The University of Cincinnati (UC) is a public research-extensive university ranked 25th among peer public institutions by the National Science Foundation and was named as one of the nation's best institutions for undergraduate education for the fifth straight year (Princeton's Review, 2012). As UC strives to become a top tier research university assessed by aggressive benchmarks and goals, women STEM faculty will play a significant role in achieving this elite status. The work proposed here will facilitate the success of UC through a comprehensive program that will broaden participation and enhance the careers of its women faculty in STEM to establish UC as a desired destination for women and minorities.
UC includes 1,739 full-time faculty of whom 44% are women. However, women faculty are substantially underrepresented in STEM in Engineering & Applied Sciences (10%), Arts & Sciences (29%), and Medicine (28%). Further, as academic rank increases, the representation of women in STEM declines. These data demonstrate the compelling need for transformation.
Institutional change at UC will be most successful if it is a dynamic process integrating programming and policy change to improve the pipeline and climate through (a) bottom up initiatives targeted to women; (b) top-down leadership reform initiatives; and (c) through advocacy and accountability initiatives that coordinate the top-down and bottom-up approaches. The latter represents a “guiding coalition” (Kotter, 1990) of change agents across various levels of faculty and administrators.
We are poised to begin the transformation of UC to an environment that understands, proactively develops, recognizes, and values the talent within our women STEM faculty. We will accomplish transformation by creating a pipeline that begins with the balanced and transparent recruitment of women STEM scientists, targeting first the areas of greatest need where women faculty are clearly underrepresented. LEAF will initiate programs that address career challenges through early-, mid- and senior-career stages to ensure that women STEM scientists are supported through their academic trajectory and achieve maximal career impact.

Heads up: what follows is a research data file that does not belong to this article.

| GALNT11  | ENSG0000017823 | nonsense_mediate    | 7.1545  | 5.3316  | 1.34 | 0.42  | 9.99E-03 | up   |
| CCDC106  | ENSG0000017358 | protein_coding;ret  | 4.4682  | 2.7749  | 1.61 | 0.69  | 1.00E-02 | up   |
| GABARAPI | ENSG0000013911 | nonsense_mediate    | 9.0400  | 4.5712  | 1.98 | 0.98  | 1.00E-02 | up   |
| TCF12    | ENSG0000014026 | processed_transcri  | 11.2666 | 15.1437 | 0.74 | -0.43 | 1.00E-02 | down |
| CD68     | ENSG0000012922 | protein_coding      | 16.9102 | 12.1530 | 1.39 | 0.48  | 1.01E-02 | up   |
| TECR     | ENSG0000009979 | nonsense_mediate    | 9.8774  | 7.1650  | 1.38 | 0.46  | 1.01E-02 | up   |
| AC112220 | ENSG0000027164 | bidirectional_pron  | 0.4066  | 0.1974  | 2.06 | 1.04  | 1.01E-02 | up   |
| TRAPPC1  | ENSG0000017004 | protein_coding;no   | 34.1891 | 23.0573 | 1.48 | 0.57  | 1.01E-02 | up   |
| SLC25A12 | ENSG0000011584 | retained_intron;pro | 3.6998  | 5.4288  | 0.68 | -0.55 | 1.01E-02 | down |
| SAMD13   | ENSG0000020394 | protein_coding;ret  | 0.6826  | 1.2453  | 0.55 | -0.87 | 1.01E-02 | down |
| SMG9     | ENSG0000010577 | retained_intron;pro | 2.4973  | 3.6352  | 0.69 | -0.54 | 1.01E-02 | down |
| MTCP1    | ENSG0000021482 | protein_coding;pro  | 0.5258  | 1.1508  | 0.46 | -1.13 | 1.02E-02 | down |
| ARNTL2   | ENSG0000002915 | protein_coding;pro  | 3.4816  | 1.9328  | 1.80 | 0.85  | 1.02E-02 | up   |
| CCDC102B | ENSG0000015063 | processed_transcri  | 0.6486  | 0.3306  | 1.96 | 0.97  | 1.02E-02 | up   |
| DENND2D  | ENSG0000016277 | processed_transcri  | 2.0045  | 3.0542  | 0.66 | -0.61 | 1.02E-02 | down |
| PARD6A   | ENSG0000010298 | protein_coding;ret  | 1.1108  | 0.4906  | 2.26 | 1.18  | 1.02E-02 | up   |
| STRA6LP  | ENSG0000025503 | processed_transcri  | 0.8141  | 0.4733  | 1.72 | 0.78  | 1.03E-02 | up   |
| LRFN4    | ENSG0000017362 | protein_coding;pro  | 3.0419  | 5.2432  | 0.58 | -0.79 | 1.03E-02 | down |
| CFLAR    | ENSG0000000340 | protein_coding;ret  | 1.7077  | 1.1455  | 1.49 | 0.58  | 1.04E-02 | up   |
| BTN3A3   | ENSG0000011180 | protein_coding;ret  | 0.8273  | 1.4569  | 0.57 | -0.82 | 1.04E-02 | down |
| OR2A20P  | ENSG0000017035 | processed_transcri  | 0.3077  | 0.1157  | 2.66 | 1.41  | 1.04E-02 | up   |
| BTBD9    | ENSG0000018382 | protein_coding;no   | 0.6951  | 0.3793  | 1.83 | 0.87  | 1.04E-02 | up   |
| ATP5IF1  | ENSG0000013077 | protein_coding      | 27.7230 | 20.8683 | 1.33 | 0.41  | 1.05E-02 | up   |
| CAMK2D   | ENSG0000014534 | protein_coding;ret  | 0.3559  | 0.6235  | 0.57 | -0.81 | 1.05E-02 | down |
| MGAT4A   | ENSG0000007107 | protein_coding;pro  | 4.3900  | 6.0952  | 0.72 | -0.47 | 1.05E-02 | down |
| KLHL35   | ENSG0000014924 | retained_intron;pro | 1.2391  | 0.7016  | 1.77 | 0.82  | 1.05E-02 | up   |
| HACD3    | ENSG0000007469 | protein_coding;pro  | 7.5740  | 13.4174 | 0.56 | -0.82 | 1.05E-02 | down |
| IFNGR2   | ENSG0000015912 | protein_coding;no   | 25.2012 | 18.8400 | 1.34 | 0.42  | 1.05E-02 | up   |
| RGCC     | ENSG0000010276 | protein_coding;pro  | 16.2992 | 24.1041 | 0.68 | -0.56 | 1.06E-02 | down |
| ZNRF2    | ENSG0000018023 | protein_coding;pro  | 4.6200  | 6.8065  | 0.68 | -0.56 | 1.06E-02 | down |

Critical features of our proposal will be the use of structured learning programs (year-long workshop series) coupled with learning communities (LCs) that not only introduce necessary skills but also help women situate themselves within social and professional networks that can provide additional support and that will serve as reference groups and supports at earlier stages of their careers. A second critical feature will be the development of unit-level logic models of desired change. Logic modeling is a tool in program planning and evaluation which explicates the connections between program activities and intended outcomes. This feature acknowledges the great diversity among units in starting conditions while still emphasizing that every unit will be expected to make specific plans that contribute to the proposal’s aims. We realize that this will be an incremental, iterative, and sometimes difficult process, but one essential to successful transformation.
We will focus on STEM research faculty in the College of Engineering and Applied Science (CEAS) and in selected units in the College of Medicine (COM) and the McMicken College of Arts and Sciences (A&S). These colleges vary widely in how the STEM scientists work, the relative emphasis on research and instruction, and the culture in regard to women.